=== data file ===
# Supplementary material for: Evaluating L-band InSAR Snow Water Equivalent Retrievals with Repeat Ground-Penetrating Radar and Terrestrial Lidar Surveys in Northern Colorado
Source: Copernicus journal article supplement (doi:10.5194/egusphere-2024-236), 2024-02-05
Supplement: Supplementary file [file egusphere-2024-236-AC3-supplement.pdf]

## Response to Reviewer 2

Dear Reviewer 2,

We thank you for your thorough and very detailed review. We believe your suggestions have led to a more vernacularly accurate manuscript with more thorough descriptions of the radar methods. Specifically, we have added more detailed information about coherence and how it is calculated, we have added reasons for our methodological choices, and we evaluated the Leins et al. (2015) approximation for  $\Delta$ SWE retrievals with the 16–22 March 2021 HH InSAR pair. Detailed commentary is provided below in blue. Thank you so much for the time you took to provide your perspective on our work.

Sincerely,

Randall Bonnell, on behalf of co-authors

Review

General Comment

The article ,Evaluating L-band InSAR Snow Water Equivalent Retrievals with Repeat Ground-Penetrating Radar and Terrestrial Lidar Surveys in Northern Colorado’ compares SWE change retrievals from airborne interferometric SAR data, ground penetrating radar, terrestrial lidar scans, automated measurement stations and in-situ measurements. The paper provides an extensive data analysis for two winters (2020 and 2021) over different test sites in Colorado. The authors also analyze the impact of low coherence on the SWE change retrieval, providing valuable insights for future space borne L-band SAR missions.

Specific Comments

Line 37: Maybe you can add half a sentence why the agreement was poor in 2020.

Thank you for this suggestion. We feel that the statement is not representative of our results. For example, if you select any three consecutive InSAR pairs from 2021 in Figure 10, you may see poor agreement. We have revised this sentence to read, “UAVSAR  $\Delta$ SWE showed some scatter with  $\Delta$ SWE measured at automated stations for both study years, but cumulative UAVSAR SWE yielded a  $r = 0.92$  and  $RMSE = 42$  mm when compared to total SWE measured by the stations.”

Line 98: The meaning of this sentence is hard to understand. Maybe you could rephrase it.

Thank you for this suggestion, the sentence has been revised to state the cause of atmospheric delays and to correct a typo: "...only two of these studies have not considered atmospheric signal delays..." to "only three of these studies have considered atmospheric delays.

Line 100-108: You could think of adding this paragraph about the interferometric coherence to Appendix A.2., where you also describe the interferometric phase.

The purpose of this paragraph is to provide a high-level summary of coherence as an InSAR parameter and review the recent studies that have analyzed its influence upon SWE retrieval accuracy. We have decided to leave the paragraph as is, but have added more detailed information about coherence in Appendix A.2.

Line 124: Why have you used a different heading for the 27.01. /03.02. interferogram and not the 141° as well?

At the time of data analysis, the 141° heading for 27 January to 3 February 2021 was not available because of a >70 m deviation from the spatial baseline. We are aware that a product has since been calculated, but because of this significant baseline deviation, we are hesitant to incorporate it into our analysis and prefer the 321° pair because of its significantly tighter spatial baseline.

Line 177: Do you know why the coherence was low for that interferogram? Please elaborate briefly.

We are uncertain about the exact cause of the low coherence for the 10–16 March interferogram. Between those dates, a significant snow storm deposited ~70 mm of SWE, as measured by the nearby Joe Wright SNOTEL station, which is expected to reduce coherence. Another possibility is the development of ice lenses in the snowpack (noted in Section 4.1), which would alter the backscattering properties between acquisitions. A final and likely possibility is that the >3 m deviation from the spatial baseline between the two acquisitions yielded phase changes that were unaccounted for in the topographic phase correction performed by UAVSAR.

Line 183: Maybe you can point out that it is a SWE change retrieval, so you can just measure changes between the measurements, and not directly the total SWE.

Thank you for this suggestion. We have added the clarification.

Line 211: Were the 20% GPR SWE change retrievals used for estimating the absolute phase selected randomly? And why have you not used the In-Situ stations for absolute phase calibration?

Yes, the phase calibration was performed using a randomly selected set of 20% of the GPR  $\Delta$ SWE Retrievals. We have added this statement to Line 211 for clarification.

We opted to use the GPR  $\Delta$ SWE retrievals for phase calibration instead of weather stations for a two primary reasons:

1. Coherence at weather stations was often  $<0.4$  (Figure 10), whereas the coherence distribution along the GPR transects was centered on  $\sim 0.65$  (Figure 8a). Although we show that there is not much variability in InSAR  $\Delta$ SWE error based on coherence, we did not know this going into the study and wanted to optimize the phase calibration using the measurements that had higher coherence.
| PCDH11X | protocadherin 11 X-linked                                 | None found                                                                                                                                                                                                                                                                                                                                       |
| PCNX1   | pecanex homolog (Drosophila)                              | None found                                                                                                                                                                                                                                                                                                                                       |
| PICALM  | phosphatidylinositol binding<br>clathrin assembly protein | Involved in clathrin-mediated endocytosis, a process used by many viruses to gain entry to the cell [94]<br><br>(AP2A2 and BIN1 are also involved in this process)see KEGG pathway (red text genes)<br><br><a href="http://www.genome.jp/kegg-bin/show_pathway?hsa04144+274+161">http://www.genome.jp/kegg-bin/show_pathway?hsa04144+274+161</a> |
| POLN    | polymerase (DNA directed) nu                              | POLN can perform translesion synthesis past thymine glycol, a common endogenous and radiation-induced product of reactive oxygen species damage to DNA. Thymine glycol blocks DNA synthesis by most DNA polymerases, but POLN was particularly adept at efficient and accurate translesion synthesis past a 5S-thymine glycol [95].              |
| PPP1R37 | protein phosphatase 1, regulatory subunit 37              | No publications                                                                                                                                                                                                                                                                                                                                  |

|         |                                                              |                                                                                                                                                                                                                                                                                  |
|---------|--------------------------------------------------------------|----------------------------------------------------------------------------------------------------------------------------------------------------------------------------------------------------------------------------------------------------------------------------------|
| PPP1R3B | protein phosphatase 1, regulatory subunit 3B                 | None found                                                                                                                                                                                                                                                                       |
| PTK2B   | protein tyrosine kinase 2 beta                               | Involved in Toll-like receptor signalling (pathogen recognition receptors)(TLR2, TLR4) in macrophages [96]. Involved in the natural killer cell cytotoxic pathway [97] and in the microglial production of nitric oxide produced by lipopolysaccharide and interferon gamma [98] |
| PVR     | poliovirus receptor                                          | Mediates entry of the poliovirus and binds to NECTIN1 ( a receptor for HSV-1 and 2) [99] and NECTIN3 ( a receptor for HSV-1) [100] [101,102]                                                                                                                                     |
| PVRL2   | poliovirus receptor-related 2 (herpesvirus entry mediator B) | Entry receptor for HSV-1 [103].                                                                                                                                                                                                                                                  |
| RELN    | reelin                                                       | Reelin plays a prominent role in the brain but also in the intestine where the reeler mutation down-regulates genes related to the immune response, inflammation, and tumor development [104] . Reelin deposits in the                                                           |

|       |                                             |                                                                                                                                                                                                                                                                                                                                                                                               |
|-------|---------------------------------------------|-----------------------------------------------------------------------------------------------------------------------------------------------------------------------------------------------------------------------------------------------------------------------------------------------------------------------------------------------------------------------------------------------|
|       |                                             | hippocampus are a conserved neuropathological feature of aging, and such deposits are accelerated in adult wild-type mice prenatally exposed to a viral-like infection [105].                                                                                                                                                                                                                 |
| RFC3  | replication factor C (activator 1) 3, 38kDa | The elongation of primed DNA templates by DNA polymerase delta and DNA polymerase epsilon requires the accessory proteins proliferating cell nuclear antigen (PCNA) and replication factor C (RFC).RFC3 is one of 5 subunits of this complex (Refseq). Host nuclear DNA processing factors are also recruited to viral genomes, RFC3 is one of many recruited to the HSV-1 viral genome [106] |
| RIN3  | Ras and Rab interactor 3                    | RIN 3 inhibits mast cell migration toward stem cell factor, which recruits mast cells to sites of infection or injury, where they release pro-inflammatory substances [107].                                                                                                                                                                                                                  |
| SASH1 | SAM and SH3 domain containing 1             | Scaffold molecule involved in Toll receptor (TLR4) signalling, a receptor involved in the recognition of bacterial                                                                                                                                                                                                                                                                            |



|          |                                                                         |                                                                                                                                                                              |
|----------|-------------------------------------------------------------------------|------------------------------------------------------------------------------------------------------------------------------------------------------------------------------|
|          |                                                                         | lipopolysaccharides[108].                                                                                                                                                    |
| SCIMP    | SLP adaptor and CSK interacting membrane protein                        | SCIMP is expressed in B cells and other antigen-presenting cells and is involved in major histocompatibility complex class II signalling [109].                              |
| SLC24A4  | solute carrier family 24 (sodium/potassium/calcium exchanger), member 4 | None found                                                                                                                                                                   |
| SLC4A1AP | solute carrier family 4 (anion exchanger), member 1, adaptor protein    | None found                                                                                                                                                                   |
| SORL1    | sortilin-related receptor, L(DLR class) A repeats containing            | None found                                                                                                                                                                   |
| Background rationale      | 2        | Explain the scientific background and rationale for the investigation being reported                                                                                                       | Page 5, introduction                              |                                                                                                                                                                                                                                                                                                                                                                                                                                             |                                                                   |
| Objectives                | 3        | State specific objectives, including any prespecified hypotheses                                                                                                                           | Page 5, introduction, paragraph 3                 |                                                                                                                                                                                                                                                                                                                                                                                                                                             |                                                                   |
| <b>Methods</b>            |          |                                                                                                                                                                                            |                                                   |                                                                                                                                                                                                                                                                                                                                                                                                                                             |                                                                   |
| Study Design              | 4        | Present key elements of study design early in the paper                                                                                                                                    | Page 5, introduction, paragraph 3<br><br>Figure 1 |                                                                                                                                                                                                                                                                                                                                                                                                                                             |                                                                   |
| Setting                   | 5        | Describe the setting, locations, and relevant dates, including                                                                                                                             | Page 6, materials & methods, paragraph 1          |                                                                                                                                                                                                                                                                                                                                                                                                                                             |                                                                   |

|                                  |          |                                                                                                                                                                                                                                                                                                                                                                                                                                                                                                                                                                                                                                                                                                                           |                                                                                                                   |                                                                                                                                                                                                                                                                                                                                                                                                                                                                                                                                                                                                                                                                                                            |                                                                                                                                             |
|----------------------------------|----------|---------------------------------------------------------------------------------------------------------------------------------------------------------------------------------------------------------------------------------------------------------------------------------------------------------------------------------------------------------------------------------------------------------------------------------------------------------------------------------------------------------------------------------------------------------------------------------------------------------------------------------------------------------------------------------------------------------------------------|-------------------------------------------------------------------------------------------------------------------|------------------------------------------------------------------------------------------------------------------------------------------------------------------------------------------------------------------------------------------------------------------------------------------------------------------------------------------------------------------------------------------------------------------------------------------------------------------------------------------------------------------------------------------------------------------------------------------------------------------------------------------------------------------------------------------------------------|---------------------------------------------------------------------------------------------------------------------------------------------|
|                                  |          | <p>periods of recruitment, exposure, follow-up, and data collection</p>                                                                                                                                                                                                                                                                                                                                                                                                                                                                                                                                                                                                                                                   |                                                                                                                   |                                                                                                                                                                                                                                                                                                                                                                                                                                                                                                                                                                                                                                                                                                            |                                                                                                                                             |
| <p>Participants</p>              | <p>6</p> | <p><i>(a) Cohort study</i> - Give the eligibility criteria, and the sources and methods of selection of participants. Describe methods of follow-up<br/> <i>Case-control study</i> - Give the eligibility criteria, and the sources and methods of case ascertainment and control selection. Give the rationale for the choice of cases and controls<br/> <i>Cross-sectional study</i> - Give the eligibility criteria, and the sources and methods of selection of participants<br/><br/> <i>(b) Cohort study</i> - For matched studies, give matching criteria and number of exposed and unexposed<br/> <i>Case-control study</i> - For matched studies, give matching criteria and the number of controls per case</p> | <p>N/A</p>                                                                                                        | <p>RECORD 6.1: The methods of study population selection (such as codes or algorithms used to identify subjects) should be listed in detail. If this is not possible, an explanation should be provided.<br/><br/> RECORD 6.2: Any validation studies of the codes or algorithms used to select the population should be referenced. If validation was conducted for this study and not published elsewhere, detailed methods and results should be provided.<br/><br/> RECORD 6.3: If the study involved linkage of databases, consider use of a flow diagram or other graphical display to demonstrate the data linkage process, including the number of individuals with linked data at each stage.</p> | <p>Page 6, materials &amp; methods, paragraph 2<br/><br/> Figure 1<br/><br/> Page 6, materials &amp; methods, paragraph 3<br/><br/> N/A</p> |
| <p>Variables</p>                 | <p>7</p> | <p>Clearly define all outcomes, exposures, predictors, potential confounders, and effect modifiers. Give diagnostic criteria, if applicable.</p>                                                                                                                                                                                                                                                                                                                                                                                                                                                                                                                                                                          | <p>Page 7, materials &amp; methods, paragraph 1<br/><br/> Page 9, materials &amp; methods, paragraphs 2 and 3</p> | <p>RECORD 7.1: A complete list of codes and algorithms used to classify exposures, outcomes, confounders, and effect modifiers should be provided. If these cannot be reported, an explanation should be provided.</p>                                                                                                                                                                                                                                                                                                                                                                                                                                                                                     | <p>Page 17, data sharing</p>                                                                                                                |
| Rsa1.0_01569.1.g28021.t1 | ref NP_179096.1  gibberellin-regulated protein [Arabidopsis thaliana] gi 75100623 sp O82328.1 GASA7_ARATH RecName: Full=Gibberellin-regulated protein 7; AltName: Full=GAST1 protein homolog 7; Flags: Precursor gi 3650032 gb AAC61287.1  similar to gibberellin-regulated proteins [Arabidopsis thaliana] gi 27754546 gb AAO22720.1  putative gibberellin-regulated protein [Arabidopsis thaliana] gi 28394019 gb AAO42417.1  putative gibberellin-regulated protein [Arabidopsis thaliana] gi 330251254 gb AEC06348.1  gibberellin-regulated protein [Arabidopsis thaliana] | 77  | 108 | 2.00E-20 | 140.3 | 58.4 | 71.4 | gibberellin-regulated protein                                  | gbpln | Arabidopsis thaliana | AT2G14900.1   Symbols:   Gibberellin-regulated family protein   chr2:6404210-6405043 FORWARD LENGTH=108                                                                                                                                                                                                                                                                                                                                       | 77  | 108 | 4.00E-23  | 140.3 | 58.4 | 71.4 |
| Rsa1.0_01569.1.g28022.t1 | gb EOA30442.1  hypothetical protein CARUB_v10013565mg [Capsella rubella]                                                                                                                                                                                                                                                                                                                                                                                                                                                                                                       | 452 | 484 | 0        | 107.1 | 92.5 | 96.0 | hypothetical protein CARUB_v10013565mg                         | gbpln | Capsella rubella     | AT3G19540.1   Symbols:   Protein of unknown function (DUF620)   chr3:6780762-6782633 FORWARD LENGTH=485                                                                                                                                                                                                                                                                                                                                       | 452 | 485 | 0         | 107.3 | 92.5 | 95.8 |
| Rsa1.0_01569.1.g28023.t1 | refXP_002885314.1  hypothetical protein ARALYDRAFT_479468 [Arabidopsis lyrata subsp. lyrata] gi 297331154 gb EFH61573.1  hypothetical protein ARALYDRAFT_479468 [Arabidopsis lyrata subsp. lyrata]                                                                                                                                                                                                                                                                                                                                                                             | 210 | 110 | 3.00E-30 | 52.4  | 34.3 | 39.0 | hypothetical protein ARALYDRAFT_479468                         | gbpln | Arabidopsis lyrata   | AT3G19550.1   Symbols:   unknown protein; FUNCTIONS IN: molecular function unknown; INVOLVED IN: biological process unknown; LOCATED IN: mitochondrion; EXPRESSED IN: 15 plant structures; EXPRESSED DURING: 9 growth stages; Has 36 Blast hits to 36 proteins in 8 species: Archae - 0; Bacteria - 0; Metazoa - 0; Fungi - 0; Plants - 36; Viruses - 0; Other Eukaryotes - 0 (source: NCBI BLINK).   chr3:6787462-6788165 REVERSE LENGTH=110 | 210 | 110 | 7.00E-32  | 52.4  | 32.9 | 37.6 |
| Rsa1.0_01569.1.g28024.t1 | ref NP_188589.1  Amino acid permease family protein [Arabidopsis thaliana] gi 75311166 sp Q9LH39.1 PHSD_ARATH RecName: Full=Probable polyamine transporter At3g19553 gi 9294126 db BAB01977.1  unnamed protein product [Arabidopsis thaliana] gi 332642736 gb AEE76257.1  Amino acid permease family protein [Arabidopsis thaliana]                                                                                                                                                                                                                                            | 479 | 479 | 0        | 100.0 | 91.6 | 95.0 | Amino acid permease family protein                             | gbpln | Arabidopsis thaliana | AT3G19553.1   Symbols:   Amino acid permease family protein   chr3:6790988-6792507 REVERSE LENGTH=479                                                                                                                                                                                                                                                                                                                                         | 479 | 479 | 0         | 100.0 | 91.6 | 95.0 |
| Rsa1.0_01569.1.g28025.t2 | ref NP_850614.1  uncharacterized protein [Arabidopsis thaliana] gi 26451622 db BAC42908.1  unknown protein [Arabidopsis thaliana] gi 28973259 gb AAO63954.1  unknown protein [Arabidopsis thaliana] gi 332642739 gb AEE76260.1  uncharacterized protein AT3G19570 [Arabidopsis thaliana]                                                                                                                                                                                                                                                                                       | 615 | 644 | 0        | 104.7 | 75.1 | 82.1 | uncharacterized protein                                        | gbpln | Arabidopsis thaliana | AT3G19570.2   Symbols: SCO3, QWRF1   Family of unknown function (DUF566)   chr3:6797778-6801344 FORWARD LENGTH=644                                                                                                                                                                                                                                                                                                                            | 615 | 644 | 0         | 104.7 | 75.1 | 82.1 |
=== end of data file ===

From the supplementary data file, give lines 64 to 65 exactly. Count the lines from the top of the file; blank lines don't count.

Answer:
| Rsa1.0_01569.1.g28021.t1 | ref NP_179096.1  gibberellin-regulated protein [Arabidopsis thaliana] gi 75100623 sp O82328.1 GASA7_ARATH RecName: Full=Gibberellin-regulated protein 7; AltName: Full=GAST1 protein homolog 7; Flags: Precursor gi 3650032 gb AAC61287.1  similar to gibberellin-regulated proteins [Arabidopsis thaliana] gi 27754546 gb AAO22720.1  putative gibberellin-regulated protein [Arabidopsis thaliana] gi 28394019 gb AAO42417.1  putative gibberellin-regulated protein [Arabidopsis thaliana] gi 330251254 gb AEC06348.1  gibberellin-regulated protein [Arabidopsis thaliana] | 77  | 108 | 2.00E-20 | 140.3 | 58.4 | 71.4 | gibberellin-regulated protein                                  | gbpln | Arabidopsis thaliana | AT2G14900.1   Symbols:   Gibberellin-regulated family protein   chr2:6404210-6405043 FORWARD LENGTH=108                                                                                                                                                                                                                                                                                                                                       | 77  | 108 | 4.00E-23  | 140.3 | 58.4 | 71.4 |
| Rsa1.0_01569.1.g28022.t1 | gb EOA30442.1  hypothetical protein CARUB_v10013565mg [Capsella rubella]                                                                                                                                                                                                                                                                                                                                                                                                                                                                                                       | 452 | 484 | 0        | 107.1 | 92.5 | 96.0 | hypothetical protein CARUB_v10013565mg                         | gbpln | Capsella rubella     | AT3G19540.1   Symbols:   Protein of unknown function (DUF620)   chr3:6780762-6782633 FORWARD LENGTH=485                                                                                                                                                                                                                                                                                                                                       | 452 | 485 | 0         | 107.3 | 92.5 | 95.8 |